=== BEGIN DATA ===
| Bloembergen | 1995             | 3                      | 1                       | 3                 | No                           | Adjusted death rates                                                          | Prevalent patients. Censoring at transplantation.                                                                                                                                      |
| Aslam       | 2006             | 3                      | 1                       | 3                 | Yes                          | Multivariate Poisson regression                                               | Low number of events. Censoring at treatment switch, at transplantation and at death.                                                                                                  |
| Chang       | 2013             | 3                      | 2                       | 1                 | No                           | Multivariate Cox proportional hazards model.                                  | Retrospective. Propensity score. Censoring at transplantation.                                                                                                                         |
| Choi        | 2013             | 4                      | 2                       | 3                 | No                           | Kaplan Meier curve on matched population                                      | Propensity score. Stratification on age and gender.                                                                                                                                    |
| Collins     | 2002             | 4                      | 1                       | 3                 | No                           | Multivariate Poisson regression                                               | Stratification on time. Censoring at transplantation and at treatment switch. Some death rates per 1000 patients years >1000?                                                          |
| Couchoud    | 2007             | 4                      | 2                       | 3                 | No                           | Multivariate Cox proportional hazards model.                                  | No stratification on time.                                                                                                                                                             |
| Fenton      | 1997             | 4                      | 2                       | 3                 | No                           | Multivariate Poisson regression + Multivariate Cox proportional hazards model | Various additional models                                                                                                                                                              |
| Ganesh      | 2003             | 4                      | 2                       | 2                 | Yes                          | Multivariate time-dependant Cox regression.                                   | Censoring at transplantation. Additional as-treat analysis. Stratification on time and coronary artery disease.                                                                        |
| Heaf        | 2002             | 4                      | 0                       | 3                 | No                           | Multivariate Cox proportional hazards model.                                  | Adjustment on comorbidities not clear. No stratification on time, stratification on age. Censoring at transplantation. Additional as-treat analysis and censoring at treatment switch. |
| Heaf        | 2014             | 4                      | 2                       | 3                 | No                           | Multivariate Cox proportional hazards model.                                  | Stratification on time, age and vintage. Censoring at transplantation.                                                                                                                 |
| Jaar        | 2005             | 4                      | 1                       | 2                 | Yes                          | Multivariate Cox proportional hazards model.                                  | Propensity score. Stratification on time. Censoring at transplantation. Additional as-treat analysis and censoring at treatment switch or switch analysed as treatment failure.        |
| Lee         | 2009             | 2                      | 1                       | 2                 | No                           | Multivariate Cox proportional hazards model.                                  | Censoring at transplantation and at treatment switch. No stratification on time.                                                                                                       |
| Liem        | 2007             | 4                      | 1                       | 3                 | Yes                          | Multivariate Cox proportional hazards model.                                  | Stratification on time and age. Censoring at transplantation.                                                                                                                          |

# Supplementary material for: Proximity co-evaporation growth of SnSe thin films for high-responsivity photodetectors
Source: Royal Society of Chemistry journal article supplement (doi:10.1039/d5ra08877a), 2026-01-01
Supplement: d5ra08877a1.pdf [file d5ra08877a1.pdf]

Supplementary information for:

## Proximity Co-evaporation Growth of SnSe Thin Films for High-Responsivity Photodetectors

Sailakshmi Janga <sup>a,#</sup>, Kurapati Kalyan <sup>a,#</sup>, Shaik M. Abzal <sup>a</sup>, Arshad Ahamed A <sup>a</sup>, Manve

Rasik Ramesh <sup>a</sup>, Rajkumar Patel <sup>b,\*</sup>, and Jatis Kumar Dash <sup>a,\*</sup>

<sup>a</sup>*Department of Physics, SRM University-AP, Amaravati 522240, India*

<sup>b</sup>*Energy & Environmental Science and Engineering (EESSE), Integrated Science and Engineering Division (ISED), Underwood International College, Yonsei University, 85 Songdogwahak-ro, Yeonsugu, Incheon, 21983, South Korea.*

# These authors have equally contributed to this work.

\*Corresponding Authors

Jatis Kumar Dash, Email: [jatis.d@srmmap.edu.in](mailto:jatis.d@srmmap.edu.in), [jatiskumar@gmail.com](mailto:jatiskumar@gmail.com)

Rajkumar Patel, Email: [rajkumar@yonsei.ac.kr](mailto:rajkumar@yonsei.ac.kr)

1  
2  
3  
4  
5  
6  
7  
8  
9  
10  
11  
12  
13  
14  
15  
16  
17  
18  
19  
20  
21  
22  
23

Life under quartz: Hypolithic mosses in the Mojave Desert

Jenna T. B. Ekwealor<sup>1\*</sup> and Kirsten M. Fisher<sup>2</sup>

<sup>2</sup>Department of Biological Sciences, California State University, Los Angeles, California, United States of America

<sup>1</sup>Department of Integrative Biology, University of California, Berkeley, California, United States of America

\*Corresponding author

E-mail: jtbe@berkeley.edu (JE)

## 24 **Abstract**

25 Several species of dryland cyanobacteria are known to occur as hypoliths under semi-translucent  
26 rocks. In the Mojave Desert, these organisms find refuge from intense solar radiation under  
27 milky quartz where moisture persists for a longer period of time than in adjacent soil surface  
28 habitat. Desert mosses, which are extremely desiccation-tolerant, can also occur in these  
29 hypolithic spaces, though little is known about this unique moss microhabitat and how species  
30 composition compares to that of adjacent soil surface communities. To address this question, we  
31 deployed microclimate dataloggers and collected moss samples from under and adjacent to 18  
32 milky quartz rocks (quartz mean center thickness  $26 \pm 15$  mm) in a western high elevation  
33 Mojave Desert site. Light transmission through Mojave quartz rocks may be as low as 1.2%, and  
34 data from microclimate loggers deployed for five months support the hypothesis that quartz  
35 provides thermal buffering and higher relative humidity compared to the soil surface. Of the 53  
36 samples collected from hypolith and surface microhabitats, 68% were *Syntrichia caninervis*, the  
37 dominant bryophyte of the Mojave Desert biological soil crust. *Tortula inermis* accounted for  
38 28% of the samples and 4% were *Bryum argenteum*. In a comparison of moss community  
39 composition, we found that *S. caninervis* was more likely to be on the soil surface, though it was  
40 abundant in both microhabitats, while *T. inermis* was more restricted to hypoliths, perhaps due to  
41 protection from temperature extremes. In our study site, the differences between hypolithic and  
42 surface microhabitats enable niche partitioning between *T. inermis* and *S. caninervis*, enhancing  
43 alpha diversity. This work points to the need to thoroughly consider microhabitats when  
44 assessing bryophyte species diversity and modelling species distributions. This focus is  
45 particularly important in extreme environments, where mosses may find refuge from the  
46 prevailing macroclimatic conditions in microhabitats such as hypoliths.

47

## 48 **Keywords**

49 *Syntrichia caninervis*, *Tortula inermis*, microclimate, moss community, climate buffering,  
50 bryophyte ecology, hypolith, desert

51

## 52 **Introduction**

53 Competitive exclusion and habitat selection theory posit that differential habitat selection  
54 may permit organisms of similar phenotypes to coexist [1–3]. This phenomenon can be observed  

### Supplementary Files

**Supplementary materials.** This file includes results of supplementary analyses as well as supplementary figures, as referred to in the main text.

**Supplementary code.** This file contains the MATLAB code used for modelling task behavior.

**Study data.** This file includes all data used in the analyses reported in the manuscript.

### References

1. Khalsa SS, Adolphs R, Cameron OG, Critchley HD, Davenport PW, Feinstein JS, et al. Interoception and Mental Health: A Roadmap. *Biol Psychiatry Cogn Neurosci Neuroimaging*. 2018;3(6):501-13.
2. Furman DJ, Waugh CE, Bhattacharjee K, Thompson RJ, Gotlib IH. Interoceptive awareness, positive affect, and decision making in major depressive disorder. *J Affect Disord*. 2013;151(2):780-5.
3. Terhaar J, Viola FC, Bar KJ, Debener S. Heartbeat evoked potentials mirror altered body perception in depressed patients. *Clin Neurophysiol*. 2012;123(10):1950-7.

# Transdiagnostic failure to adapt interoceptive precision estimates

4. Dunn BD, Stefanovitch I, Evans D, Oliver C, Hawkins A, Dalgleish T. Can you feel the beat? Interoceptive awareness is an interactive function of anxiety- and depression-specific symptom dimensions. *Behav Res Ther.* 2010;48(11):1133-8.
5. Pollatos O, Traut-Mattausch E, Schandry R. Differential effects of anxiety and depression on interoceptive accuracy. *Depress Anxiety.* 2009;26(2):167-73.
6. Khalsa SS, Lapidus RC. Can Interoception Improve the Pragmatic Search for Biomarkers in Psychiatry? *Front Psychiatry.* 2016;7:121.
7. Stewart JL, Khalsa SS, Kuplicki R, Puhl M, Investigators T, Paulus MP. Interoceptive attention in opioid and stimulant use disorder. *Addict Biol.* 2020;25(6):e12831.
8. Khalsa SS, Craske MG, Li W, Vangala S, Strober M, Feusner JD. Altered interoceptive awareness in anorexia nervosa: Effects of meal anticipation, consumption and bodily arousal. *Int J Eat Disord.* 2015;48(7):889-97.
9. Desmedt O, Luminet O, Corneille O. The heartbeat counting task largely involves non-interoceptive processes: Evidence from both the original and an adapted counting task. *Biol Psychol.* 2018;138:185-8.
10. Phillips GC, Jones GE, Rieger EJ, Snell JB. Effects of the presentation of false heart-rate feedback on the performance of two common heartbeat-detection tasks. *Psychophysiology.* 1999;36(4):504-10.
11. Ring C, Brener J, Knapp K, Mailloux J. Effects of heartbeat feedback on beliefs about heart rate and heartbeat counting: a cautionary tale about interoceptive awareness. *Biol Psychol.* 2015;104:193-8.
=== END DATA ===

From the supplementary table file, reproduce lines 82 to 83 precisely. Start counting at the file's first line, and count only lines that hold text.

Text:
50 bryophyte ecology, hypolith, desert

51